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Mothers in Their 'Supermom' Roles

November 20, 1986|ROSELLE M. LEWIS

The Crisis of the Working Mother: Reshaping the Conflict Between Family and Work by Barbara J. Berg (Summit Books: $16.95).

Like the rest of the 52% of American working women with preschool children, Barbara J. Berg discovered that she had come that proverbial "long way." But for all her education and accomplishments--a Ph.D. in history, a TV consultant and author of several books--she felt guilt and more than a touch of sorrow in leaving her children for the job.

The role of Supermom wasn't for her. So-called "quality time" turned out to be "fiction," and the crisis she experienced--shared by many working mothers responding to her questionnaire--resulted in feeling "ripped in two" and "torn apart."

Working mothers act out their sense of guilt and loss in not being prime caretakers for their children at a critical time. Some spoil their children outrageously; others turn into workaholics, burning the professional and domestic candle at both ends, and some become jealous of their children's caretakers. Berg was more than perturbed at having to explain to her daughter that the family housekeeper was not the "other mommy."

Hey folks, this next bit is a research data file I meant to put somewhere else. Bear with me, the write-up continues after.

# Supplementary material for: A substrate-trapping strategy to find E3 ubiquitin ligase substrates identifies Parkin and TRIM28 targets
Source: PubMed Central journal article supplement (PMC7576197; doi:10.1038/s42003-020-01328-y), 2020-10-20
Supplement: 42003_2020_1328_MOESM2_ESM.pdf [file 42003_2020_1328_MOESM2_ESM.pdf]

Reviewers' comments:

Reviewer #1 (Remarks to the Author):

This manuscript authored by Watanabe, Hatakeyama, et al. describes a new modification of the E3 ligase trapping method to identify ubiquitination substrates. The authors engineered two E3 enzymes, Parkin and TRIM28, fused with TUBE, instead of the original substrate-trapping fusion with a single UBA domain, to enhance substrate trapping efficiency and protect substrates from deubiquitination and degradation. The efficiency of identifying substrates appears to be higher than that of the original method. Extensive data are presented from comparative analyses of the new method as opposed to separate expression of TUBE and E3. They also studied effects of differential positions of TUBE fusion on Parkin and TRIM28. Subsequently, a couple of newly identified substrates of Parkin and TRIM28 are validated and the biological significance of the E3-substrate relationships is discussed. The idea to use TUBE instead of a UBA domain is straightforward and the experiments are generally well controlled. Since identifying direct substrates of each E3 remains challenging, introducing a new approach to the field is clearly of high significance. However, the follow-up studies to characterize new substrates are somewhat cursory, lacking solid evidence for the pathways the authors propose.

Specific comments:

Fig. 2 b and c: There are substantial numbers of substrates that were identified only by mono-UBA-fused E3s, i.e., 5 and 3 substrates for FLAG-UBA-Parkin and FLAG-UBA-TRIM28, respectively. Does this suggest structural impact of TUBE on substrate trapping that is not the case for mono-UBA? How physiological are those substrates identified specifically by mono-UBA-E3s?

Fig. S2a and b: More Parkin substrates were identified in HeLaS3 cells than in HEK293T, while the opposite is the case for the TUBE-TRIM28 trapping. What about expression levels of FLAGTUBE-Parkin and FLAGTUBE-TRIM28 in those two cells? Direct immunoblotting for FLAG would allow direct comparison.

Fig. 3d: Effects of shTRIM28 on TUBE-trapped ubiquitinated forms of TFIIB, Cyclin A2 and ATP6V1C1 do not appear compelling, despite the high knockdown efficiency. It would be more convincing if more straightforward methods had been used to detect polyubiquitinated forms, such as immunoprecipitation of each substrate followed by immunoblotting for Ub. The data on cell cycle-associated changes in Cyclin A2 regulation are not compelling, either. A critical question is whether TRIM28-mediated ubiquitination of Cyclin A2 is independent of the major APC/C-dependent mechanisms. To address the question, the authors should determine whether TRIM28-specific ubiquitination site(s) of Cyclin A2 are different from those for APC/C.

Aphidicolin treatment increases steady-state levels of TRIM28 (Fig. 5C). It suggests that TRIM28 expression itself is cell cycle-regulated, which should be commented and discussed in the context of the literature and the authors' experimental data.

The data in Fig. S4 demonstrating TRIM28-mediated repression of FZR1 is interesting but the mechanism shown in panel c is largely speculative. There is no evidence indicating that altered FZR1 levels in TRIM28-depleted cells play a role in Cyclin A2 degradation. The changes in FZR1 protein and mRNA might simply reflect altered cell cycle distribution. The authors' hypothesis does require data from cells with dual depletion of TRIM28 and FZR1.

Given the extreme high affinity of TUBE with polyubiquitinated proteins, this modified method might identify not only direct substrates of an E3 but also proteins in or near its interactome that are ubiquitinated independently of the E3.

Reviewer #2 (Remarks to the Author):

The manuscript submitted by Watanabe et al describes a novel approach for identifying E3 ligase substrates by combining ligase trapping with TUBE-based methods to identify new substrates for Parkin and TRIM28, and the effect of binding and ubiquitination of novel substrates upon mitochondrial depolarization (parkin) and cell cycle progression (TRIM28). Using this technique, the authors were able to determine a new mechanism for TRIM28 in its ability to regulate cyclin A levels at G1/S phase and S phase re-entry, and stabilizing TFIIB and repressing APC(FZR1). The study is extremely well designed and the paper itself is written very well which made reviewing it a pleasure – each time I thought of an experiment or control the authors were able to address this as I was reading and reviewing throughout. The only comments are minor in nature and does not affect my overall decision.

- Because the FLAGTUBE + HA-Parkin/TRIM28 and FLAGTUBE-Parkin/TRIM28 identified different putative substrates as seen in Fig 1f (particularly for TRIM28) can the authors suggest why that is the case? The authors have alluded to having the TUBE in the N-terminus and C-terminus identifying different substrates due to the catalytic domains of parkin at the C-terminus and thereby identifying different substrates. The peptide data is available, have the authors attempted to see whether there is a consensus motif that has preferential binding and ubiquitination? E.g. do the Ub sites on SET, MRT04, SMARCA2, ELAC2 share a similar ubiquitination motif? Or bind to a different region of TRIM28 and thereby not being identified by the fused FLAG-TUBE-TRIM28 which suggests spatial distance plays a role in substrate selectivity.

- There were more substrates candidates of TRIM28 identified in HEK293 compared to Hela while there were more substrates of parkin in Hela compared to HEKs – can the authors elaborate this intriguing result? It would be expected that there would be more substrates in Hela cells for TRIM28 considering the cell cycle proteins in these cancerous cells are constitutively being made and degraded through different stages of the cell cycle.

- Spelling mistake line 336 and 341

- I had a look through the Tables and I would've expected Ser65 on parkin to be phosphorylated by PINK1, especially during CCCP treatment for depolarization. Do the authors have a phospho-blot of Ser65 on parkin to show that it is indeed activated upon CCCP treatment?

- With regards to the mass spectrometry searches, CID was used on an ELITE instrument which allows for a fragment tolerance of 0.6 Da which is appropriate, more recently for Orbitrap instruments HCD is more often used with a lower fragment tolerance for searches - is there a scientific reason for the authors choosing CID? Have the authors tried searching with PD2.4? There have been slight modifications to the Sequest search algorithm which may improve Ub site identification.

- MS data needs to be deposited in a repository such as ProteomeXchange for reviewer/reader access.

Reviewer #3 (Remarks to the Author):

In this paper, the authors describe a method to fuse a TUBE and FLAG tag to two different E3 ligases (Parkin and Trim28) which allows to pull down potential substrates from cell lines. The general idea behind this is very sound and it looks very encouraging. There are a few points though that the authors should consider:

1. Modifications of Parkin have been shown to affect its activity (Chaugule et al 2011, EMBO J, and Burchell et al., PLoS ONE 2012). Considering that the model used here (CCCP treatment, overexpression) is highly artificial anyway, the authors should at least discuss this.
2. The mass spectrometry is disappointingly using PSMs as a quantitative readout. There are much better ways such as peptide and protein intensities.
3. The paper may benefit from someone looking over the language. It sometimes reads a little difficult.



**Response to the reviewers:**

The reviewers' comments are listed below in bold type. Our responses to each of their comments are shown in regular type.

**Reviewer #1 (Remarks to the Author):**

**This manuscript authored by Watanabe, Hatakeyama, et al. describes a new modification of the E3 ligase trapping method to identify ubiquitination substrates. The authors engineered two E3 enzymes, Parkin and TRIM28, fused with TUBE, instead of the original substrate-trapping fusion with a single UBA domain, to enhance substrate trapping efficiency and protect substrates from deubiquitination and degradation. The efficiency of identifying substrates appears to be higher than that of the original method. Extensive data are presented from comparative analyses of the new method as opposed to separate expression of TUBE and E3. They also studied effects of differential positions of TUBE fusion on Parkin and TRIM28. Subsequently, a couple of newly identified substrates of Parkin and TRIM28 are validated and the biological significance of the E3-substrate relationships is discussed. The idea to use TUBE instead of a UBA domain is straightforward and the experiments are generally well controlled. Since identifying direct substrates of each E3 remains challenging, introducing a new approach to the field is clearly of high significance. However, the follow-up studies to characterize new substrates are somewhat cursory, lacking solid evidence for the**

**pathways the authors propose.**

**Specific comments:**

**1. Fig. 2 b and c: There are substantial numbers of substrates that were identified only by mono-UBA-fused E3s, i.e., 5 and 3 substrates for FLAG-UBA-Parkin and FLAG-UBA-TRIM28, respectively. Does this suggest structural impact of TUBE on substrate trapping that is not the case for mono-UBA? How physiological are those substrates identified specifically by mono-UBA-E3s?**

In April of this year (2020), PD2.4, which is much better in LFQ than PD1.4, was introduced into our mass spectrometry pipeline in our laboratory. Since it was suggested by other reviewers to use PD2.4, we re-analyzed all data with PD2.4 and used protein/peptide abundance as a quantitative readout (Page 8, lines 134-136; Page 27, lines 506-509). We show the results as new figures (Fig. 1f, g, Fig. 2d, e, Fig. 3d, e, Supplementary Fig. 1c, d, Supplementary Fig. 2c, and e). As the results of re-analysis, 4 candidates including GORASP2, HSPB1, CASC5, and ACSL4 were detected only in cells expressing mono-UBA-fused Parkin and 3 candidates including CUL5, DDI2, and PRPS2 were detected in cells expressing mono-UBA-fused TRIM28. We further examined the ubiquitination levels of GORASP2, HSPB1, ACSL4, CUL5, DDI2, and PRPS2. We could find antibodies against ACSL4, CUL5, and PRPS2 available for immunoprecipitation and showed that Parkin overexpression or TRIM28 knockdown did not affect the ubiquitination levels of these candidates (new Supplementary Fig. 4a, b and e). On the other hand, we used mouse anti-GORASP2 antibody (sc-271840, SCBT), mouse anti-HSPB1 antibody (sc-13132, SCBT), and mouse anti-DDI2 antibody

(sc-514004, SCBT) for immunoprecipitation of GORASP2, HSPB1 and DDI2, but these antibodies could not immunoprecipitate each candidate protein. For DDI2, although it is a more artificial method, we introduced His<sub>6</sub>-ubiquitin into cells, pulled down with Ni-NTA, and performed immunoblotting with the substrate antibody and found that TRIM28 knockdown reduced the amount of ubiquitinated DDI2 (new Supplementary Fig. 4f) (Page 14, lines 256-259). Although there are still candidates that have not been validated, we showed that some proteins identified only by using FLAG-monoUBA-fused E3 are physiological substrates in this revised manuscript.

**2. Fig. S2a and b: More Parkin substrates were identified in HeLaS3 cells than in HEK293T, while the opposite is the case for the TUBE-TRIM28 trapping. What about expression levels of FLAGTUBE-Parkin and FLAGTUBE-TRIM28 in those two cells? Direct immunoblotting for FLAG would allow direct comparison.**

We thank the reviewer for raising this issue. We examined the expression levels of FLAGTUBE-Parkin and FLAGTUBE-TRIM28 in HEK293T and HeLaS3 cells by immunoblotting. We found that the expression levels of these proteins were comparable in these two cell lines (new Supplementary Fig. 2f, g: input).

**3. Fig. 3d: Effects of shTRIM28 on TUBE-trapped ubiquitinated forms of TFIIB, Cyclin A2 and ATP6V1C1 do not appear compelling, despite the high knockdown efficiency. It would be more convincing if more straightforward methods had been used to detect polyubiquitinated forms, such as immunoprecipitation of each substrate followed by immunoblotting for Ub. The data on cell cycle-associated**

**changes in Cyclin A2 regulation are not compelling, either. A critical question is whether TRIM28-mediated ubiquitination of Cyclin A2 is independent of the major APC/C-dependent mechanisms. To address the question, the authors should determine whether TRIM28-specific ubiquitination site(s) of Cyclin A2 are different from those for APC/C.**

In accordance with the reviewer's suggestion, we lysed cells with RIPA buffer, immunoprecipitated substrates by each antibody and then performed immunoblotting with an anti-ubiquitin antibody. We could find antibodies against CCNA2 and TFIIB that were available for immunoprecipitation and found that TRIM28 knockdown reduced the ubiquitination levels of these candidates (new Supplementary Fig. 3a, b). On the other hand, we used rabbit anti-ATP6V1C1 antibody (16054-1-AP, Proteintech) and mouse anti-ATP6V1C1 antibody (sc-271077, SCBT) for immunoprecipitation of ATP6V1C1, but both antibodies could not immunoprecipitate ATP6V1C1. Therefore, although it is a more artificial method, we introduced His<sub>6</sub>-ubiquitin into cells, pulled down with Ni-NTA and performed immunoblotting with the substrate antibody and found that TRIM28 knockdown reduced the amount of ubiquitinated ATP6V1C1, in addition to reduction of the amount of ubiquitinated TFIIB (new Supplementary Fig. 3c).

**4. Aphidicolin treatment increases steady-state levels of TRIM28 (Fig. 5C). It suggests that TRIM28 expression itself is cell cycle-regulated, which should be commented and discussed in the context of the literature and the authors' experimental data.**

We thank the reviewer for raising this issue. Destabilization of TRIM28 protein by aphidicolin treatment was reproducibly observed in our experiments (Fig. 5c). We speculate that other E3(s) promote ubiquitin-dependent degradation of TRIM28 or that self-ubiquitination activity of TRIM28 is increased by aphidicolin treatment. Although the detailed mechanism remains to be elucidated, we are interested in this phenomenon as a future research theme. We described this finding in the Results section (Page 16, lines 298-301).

But this is far more than a kvetchy (complaining) feminist tract. Berg has written a richly textured book, skillfully combining anecdotal reporting and current research in several disciplines. Her chapter on the history of women in America's work force--centering on those mustered out of the aircraft industry after World War II, who were told by a popular magazine to have "three babies apiece"--is masterful.

However, Berg's insistence on the word "crisis" to describe the autonomous choice of the generally well-paid professional woman to either work or remain at home stretches matters a bit. Agreed: It's no fun at the supermarket to get "stuck with the whole list," but neither is it a tragedy.

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